Emus Banned From Australian Hotel Pub for ‘Bad Behavior’

"We didn't really want them becoming patrons in the hotel," the hotel's owner said.

A pair of emus have been banned from an Australian hotel for “bad behavior” after they learned to climb the steps, according to reports.

The two emus, Kevin and Carol, were hatched and raised in the small town in Queensland (after their nest of eggs was found abandoned) and have become a tourist draw in the area, the Australian Broadcasting Corporation reported. But recently, they started getting cheeky, climbing the front steps of the Yaraka Hotel & Pub and stealing everything from food and drinks to car keys -- they’re even known to go to the bathroom inside.

"We didn't really want them becoming patrons in the hotel," the hotel's owner, Chris Gimblett, told ABC. "Because when they do get in here, they behave a bit badly."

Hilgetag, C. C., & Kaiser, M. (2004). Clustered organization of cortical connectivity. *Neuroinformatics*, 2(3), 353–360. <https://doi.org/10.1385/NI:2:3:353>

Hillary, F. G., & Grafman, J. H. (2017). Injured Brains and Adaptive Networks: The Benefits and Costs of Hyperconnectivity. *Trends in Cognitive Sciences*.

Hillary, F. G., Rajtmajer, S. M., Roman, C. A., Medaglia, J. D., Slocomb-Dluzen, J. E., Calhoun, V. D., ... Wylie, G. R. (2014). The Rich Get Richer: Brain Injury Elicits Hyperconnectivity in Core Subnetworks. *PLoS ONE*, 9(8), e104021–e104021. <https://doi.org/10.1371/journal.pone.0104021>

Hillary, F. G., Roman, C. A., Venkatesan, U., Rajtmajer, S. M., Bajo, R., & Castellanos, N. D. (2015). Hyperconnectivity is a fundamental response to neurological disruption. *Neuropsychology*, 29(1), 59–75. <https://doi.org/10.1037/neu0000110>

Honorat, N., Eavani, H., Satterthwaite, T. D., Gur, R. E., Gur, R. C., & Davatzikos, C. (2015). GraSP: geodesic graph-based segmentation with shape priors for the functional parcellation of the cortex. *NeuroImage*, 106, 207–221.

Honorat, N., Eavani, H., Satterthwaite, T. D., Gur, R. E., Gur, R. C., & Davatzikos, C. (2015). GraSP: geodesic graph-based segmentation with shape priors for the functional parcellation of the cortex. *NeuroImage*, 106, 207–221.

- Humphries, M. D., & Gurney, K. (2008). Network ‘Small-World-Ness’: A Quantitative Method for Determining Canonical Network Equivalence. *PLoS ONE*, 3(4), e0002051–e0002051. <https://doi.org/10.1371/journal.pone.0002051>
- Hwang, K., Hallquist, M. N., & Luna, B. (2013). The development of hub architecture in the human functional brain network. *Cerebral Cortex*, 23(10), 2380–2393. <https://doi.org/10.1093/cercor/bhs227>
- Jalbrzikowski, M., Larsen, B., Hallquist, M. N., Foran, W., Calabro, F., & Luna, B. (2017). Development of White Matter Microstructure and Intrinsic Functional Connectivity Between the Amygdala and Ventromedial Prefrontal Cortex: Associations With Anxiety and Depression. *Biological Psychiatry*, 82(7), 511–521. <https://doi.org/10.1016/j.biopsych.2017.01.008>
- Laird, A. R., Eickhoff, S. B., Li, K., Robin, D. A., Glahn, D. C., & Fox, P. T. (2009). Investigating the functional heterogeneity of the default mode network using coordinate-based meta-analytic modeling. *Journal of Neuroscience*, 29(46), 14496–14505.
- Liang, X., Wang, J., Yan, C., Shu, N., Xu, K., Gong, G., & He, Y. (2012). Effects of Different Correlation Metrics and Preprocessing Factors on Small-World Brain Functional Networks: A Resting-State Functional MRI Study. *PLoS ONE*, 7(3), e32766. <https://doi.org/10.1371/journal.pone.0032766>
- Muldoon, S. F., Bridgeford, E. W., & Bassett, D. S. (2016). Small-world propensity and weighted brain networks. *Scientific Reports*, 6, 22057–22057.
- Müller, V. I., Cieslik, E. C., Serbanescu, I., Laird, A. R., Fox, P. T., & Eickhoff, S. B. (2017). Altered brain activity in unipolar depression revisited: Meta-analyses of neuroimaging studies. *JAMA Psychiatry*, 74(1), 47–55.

So the hotel started posting signs, telling customers that the large Australian birds “have been banned from this establishment for bad behavior” and asking the humans to “let yourself in through the emu barrier,” a rope system.

"They still hang around each gate, hoping that they'll be able to slip in when someone opens it up," Gimblett added. "But so far we are winning the war."

While adorable, the emus can become dangerous. Gimblett told NPR that when startled, emus can run very fast and tend to do “a forward sprint whilst looking behind them at the source of their fright and heaven help people and objects that happen to be in their 'blind' forward run." They also have sharp beaks.

While not welcome in the hotel’s pub, the emus have become a bit of a sensation around the world as their story has become a source of entertainment. On Tuesday, the Yaraka Hotel & Pub posted a photo on Facebook of the emus ready for their closeup.

“Staff and emus all ready for the camera,” the hotel wrote. An Australian politician also posted a snap of one of the famed birds as well.

This isn’t the first time an emu has gone viral. Last year, an emu named Eno spent weeks on the run in North Carolina, even inspiring a Facebook page dedicated to the bird.

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